Import datasets into Dataprep by Trifacta

This page shows you how to get started using the Dataprep Web application.

Before you begin

Set up a project

  1. Sign in to your Google Cloud account. If you're new to Google Cloud, create an account to evaluate how our products perform in real-world scenarios. New customers also get $300 in free credits to run, test, and deploy workloads.
  2. In the Google Cloud console, on the project selector page, select or create a Google Cloud project.

    Go to project selector

  3. Make sure that billing is enabled for your Google Cloud project.

  4. Enable the Cloud Dataflow, BigQuery, and Cloud Storage APIs.

    Enable the APIs

  5. In the Google Cloud console, on the project selector page, select or create a Google Cloud project.

    Go to project selector

  6. Make sure that billing is enabled for your Google Cloud project.

  7. Enable the Cloud Dataflow, BigQuery, and Cloud Storage APIs.

    Enable the APIs

Create a Cloud Storage bucket in your project

  1. In the Google Cloud console, go to the Cloud Storage Buckets page.

    Go to Buckets page

  2. Click Create bucket.
  3. On the Create a bucket page, enter your bucket information. To go to the next step, click Continue.
    • For Name your bucket, enter a name that meets the bucket naming requirements.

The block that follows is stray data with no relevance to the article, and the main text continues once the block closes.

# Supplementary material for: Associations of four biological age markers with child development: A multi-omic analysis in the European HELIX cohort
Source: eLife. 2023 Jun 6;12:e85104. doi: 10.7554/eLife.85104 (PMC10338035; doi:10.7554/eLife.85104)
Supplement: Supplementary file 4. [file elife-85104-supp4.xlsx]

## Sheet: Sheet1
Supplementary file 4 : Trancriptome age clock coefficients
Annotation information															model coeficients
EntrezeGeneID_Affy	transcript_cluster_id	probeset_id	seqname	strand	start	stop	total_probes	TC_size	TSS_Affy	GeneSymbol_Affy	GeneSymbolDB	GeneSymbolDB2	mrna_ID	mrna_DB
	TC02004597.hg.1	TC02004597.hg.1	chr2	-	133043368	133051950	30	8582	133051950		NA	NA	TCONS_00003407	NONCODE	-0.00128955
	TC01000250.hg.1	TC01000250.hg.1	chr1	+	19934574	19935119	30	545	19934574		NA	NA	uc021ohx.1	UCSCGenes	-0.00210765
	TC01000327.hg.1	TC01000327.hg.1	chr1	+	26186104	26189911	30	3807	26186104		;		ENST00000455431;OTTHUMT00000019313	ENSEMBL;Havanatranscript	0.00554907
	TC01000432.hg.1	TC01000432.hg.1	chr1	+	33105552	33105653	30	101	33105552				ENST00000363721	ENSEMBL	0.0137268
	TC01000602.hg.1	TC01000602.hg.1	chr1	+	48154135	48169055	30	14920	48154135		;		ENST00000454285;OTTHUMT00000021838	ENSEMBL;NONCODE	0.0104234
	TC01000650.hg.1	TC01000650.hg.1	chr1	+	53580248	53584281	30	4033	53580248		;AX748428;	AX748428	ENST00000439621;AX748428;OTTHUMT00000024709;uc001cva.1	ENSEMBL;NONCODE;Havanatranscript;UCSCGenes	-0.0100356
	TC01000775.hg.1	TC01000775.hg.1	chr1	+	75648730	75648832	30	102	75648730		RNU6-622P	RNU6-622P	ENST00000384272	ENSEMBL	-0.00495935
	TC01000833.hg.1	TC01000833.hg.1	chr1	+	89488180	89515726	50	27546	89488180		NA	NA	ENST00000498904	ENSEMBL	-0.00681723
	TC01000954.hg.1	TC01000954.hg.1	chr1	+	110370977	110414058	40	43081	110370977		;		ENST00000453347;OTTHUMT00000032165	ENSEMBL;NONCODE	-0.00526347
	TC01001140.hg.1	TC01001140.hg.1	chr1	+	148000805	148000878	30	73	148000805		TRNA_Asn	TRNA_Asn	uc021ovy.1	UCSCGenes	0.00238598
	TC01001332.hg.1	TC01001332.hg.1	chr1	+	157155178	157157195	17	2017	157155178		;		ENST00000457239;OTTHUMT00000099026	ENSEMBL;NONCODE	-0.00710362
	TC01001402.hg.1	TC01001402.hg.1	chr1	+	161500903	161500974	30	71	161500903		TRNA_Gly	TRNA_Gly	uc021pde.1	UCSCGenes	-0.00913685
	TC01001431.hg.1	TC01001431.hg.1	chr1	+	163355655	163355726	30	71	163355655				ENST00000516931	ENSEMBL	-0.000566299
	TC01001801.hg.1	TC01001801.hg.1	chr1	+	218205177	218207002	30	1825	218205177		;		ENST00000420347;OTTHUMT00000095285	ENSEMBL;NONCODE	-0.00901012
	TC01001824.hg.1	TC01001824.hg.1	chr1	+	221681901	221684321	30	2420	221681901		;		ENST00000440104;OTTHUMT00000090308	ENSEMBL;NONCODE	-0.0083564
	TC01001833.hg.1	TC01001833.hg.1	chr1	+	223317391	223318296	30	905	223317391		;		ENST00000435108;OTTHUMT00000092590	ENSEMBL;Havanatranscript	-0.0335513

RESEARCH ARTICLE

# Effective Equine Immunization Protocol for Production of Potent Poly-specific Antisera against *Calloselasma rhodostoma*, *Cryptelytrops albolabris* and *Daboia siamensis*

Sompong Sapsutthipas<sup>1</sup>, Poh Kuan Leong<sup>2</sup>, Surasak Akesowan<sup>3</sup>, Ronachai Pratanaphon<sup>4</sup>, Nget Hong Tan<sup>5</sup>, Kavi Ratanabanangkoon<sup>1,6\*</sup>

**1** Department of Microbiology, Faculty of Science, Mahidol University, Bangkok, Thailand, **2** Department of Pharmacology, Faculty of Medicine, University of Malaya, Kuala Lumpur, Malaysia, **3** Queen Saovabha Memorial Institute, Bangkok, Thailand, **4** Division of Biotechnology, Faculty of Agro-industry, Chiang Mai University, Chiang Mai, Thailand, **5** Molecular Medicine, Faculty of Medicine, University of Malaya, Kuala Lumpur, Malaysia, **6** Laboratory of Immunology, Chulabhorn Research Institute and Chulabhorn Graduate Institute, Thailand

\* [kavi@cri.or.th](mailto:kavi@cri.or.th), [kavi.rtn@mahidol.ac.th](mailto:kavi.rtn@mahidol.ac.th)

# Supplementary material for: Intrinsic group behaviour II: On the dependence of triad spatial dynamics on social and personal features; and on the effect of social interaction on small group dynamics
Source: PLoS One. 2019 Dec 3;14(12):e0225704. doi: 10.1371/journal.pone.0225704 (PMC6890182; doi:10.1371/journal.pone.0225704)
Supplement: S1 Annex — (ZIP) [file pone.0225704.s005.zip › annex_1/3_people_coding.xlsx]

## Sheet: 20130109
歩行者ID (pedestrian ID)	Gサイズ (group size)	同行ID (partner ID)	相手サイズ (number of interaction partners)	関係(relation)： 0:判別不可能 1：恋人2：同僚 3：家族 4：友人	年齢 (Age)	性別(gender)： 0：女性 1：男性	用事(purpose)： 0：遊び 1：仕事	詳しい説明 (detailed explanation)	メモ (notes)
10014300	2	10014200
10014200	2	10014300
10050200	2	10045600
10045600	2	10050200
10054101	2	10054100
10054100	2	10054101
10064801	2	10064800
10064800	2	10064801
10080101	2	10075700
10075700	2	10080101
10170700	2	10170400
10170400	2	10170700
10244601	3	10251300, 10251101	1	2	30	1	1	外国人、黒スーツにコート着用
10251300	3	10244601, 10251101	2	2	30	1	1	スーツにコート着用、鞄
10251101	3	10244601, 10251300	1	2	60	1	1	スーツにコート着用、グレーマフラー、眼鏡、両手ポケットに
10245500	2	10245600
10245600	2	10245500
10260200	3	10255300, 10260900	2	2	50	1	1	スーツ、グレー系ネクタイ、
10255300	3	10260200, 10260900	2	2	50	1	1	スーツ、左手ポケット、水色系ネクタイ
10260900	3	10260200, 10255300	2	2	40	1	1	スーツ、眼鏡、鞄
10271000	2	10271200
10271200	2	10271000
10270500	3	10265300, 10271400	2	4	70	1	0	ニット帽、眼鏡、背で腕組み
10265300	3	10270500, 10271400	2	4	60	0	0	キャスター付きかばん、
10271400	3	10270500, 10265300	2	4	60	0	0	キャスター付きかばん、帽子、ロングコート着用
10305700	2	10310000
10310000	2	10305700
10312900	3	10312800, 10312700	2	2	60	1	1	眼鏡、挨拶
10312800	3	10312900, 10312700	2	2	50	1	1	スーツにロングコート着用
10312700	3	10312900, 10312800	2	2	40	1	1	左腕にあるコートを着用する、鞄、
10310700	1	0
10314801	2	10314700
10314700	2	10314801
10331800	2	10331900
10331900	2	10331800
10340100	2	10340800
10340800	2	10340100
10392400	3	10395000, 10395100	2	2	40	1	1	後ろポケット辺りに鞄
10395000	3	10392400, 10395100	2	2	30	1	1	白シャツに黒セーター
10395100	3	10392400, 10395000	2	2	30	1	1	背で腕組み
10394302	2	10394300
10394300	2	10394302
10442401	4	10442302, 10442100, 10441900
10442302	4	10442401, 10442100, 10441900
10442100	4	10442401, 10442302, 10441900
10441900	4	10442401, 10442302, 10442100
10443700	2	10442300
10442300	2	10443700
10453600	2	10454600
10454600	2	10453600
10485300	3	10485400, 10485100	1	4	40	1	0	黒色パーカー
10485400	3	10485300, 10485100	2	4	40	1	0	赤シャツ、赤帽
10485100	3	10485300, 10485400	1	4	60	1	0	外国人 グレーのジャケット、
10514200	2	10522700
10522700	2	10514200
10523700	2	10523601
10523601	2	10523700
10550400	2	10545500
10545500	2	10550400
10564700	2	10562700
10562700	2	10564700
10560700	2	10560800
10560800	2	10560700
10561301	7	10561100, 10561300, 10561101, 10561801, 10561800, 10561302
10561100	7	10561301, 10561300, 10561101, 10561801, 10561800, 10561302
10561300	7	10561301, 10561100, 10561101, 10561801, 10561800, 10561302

• For Choose where to store your data, do the following:
      • Select a Location type option.
      • Select a Location option.
    • For Choose a default storage class for your data, select a storage class.
    • For Choose how to control access to objects, select an Access control option.
    • For Advanced settings (optional), specify an encryption method, a retention policy, or bucket labels.
  4. Click Create.

Set up Dataprep

Open Dataprep on Google Cloud console. When you first open Dataprep, the project owner is asked to allow data access by Google and Trifacta. The user must accept the terms of service, sign in to their Google account, and choose a Cloud Storage bucket to use with Dataprep (see Enabling Dataprep).

After completing these steps, the Dataprep home page appears. You can choose to Show the tour and run it, which walks you through steps that parallel the steps in this quickstart.

The Dataprep home page appears.

Create a flow

Dataprep uses a container object called a flow to access and manipulate datasets. From the Dataprep home page, click the Flows icon in the left nav bar. Then, click Create. Select Create Flow. Fill in a flow name and description, then click Create. Since this quickstart uses 2016 data from the United States Federal Elections Commission, you may wish to name it, "FEC-2016", with a description that refers to this data.